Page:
In lawsuit, Yale and other elite colleges are accused of limiting financial aid

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A lawsuit filed in federal court Monday accused 16 of the nation’s leading private universities and colleges of conspiring to reduce the financial aid they grant to admitted students through a price-fixing cartel.

The lawsuit, filed in federal court in Chicago on behalf of five former students who attended some of the universities named in the lawsuit, focuses on a decades-old antitrust exemption granted to these universities for financial aid decisions and alleges that the colleges are too many have charged an estimated 170,000 students who have been eligible for financial aid for nearly two decades.

Universities accused of misconduct include Brown, California Institute of Technology, University of Chicago, Columbia, Cornell, Dartmouth, Duke, Emory, Georgetown, Massachusetts Institute of Technology, Northwestern, Notre Dame, University of Pennsylvania, Rice, Vanderbilt and Yale.

The allegations depend on a method of calculating financial need. The 16 schools work together in an organization called the 568 Presidents Group, which, according to the lawsuit, uses a consensus approach to evaluate a student’s ability to pay.

Federal antitrust law allows these universities to collaborate on financial aid formulas if they don’t consider a student’s ability to pay in the admissions process, a status called “blind need.” The group’s name is derived from a part of the federal law that allows such collaborations: Section 568 of the Higher Education Act.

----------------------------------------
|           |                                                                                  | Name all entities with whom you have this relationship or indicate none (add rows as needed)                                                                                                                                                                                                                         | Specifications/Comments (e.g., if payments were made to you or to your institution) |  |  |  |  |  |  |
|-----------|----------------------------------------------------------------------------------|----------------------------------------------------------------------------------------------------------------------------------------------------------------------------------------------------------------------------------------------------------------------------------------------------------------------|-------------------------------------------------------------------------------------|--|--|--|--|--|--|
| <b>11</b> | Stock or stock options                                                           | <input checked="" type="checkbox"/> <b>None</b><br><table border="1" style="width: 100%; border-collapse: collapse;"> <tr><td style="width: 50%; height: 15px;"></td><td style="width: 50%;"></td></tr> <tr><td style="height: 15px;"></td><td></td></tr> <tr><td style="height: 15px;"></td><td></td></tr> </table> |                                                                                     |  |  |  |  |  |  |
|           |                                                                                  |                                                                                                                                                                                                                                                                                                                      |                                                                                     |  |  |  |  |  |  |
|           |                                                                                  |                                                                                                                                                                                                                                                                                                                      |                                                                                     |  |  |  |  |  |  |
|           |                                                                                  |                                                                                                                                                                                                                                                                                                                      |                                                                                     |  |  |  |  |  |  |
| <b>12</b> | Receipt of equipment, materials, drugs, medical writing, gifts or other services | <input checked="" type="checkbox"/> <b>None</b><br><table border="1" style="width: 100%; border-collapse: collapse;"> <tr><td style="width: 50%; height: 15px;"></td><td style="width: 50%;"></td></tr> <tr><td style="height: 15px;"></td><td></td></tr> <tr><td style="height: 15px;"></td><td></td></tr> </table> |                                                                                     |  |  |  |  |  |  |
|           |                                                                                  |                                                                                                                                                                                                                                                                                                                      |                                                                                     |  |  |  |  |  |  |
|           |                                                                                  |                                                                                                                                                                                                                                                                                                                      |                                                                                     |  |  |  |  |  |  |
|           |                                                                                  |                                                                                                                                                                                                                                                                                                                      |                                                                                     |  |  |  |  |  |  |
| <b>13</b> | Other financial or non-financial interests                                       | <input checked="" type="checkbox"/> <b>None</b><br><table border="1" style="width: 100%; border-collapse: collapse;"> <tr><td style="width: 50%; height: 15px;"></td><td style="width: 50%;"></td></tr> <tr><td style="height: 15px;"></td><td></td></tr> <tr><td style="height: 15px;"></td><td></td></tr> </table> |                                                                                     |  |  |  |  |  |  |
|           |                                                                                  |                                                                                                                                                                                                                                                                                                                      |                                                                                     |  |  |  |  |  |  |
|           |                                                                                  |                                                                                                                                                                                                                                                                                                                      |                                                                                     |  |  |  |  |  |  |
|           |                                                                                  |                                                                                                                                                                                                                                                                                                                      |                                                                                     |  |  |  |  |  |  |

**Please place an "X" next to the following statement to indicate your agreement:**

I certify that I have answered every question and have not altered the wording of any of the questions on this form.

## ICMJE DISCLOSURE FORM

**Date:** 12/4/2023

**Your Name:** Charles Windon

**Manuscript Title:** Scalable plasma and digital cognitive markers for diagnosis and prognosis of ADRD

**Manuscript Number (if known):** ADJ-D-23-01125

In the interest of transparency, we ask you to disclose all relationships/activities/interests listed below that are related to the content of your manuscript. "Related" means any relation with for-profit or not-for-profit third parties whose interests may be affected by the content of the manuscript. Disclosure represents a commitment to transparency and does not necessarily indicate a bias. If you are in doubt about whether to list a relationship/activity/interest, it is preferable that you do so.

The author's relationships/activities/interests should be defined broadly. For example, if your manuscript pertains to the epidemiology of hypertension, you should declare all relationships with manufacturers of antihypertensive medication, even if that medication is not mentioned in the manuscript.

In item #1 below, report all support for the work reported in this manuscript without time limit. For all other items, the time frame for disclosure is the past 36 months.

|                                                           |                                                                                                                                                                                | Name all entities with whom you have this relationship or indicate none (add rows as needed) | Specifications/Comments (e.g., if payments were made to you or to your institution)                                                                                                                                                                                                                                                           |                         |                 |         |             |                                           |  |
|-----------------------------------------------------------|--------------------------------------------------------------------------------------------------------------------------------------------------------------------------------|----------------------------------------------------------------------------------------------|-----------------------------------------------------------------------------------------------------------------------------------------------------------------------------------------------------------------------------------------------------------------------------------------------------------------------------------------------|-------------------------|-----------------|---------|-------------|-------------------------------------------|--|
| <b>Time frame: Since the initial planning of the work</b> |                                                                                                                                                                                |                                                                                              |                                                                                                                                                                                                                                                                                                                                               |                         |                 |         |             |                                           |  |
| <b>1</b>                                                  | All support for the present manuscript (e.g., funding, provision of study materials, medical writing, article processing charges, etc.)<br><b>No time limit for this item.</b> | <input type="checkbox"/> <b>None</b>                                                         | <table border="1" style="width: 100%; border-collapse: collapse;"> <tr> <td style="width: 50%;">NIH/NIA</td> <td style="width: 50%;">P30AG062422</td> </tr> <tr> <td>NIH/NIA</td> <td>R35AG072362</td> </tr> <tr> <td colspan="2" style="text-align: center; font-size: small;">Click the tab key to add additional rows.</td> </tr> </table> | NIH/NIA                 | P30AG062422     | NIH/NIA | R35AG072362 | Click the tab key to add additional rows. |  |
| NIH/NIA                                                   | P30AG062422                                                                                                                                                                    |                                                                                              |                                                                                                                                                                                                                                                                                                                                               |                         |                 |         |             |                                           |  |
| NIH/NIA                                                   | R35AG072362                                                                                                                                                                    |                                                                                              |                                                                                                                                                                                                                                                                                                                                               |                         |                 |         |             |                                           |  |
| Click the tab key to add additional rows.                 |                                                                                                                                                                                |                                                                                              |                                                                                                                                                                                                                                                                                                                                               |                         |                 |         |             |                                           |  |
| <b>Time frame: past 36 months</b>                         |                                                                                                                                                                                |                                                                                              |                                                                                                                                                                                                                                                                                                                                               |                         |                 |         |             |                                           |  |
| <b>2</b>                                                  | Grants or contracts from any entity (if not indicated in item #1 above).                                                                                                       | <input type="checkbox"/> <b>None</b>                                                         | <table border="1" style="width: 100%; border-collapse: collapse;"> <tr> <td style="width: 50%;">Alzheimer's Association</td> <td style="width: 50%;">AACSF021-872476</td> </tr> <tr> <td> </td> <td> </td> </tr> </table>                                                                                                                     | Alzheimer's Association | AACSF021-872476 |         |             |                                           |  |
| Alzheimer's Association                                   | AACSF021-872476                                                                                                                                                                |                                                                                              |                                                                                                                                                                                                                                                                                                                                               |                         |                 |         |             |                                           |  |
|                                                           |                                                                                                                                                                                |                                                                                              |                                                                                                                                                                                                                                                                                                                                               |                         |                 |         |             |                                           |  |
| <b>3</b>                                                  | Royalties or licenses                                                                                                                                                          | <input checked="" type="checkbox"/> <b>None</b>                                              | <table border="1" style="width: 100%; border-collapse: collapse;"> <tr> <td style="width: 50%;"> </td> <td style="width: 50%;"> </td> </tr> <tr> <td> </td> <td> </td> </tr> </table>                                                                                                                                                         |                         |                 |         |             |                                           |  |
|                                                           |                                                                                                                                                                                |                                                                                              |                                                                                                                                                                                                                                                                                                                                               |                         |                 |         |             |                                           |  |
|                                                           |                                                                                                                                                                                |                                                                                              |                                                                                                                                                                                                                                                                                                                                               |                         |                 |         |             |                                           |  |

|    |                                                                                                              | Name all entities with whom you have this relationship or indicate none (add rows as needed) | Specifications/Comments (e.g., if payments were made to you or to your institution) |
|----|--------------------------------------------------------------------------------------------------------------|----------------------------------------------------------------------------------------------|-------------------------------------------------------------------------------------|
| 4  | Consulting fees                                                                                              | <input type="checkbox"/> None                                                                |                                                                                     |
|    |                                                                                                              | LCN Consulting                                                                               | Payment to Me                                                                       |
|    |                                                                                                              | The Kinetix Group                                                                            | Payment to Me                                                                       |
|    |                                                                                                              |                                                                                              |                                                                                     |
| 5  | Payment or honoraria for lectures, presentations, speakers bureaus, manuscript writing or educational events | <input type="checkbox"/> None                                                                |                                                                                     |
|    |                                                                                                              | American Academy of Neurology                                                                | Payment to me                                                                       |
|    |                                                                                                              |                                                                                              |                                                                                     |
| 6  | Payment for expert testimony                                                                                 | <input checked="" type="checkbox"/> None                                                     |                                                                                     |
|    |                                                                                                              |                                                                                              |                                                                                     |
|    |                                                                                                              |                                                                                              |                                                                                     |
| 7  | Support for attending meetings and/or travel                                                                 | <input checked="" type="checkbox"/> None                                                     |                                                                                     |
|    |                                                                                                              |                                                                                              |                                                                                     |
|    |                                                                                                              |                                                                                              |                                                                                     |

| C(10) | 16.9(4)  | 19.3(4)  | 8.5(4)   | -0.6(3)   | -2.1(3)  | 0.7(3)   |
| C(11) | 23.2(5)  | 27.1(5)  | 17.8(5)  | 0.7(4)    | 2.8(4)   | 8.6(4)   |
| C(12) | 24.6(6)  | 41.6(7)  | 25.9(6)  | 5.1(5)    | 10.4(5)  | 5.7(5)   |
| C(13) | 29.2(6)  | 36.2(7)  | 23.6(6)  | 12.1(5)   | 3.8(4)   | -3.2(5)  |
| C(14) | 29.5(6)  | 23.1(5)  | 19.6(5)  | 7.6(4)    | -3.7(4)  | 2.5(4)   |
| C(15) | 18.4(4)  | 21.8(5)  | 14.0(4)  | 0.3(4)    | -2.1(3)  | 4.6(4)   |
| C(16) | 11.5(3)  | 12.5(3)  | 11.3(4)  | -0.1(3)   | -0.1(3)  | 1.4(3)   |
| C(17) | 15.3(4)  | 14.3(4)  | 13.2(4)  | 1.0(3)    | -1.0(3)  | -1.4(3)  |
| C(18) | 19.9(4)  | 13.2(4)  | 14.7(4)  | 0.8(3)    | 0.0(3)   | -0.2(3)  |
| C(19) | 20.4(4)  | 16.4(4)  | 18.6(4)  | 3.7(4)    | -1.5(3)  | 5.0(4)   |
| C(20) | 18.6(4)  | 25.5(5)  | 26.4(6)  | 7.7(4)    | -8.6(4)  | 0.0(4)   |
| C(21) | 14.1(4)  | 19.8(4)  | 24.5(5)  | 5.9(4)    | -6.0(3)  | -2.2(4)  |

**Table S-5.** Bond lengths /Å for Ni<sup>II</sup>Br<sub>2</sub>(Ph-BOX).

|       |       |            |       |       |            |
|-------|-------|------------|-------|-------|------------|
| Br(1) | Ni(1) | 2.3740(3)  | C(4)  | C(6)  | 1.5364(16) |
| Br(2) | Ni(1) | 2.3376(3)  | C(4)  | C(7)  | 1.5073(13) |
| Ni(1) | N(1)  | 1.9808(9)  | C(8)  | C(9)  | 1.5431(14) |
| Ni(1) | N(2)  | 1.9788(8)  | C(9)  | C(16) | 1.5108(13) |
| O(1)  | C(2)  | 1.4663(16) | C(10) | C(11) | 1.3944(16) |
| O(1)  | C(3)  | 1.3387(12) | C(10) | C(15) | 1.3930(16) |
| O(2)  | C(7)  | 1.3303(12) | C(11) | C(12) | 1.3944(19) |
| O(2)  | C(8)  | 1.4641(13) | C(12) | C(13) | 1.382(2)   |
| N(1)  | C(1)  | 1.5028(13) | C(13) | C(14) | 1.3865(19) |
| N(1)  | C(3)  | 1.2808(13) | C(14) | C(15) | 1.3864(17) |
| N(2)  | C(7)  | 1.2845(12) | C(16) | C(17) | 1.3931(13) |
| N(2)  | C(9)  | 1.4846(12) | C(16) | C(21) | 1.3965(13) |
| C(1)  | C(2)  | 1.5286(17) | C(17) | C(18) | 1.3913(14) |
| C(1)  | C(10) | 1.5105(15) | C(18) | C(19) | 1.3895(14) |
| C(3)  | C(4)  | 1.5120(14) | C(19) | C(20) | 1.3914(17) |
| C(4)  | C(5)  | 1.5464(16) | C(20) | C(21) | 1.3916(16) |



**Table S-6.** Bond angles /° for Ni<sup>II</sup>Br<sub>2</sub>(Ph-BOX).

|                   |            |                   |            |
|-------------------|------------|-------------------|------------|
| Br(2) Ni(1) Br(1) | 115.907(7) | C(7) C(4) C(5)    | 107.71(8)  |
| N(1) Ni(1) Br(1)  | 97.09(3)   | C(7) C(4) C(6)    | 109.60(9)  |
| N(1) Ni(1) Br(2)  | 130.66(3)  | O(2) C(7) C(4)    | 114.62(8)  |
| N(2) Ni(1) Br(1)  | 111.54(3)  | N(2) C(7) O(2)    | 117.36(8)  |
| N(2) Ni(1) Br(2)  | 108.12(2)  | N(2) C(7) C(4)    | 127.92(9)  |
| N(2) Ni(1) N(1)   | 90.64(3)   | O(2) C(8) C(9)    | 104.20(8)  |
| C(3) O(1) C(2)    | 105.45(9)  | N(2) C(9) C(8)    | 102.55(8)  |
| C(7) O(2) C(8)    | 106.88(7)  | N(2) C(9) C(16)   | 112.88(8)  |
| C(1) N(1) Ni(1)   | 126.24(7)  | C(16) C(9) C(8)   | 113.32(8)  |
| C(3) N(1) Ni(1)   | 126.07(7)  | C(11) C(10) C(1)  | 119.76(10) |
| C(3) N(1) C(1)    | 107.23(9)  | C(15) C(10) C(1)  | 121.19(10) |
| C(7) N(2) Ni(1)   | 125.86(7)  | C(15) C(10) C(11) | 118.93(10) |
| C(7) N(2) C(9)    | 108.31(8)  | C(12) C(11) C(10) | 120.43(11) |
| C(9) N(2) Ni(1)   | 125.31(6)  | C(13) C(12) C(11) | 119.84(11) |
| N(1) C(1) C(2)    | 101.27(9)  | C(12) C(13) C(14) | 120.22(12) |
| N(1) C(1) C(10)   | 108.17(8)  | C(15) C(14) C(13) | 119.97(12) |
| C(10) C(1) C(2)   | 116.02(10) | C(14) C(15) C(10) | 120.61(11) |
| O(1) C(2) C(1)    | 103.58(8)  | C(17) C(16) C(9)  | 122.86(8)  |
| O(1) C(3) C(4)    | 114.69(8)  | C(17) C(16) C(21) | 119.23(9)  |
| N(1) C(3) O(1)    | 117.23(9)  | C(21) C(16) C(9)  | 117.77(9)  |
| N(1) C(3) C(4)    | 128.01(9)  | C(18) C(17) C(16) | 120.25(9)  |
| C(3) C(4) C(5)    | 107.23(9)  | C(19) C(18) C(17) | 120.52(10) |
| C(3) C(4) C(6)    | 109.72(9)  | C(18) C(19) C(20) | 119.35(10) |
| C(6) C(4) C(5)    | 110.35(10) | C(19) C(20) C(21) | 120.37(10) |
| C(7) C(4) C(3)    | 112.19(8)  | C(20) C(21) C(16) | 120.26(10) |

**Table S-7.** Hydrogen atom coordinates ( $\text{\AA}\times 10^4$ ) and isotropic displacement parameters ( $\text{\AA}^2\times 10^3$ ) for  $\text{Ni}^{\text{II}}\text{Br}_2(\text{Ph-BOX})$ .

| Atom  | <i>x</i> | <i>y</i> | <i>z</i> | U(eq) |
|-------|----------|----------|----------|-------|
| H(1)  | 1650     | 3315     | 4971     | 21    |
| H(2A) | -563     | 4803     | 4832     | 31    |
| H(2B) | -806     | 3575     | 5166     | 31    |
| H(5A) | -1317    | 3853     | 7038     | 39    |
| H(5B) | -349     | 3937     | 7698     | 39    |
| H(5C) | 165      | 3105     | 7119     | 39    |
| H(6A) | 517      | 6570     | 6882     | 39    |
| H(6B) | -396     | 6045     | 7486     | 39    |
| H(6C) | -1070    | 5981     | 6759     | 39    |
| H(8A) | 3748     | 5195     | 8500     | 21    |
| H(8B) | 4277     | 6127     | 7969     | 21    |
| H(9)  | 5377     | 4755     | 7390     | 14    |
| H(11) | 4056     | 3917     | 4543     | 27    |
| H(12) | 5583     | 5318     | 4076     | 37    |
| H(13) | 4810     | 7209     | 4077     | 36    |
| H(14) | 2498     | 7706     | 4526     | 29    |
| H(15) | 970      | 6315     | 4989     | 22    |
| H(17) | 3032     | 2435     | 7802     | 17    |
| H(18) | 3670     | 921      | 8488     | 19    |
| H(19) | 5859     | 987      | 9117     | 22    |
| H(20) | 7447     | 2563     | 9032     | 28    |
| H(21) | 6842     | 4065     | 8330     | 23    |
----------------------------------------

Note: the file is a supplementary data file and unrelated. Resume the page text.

The lawsuit alleges that nine of the schools don’t actually need to be blind, having for many years found ways to account for some applicants’ ability to pay.

For example, the University of Pennsylvania and Vanderbilt considered the financial needs of candidates on the waiting list, the lawsuit said. Other schools, the lawsuit says, grant “special treatment to the children of wealthy” donors, which, given the limited number of places, hurts students in need of financial aid.

The lawsuit alleges that the actions of these nine schools — Columbia, Dartmouth, Duke, Georgetown, MIT, Northwestern, Notre Dame, the University of Pennsylvania, and Vanderbilt — make the actions of all 16 universities illegal, turning it into what the suit calls. the 568 cartel.”

Favoring the rich and penalizing the financially needy are inextricably linked,” the indictment said. “It’s two sides of the same coin.”

Peter McDonough, vice president and general counsel for the American Council on Education, an industry association whose 2,000 college and university presidents include the leaders of its 16 schools, said the case was similar to antitrust lawsuits filed by the Justice Department against Ivy League Schools and MIT in the 1990s.

Ultimately, he said, MIT obtained a favorable ruling from the federal appeals court and the Justice Department dismissed its claims.

“I would be surprised if I eventually found that there is fire where this smoke is being sent today,” said Mr McDonough, pointing out that the schools mentioned in the complaint were “highly antitrust conscious and very sophisticated. They are getting good advice.” .”

Several institutions, including Columbia, Duke and Rice, declined to comment on the pending lawsuit. Karen Peart, a Yale spokeswoman, said the university’s “financial aid policy is 100 percent in compliance with all applicable laws.”

Neither university is named in the financial aid lawsuit.

But the lawsuit said Harvard, among other universities, refused to join the 568 group because it “allegedly delivered financial aid packages smaller than what Harvard was willing to award.”

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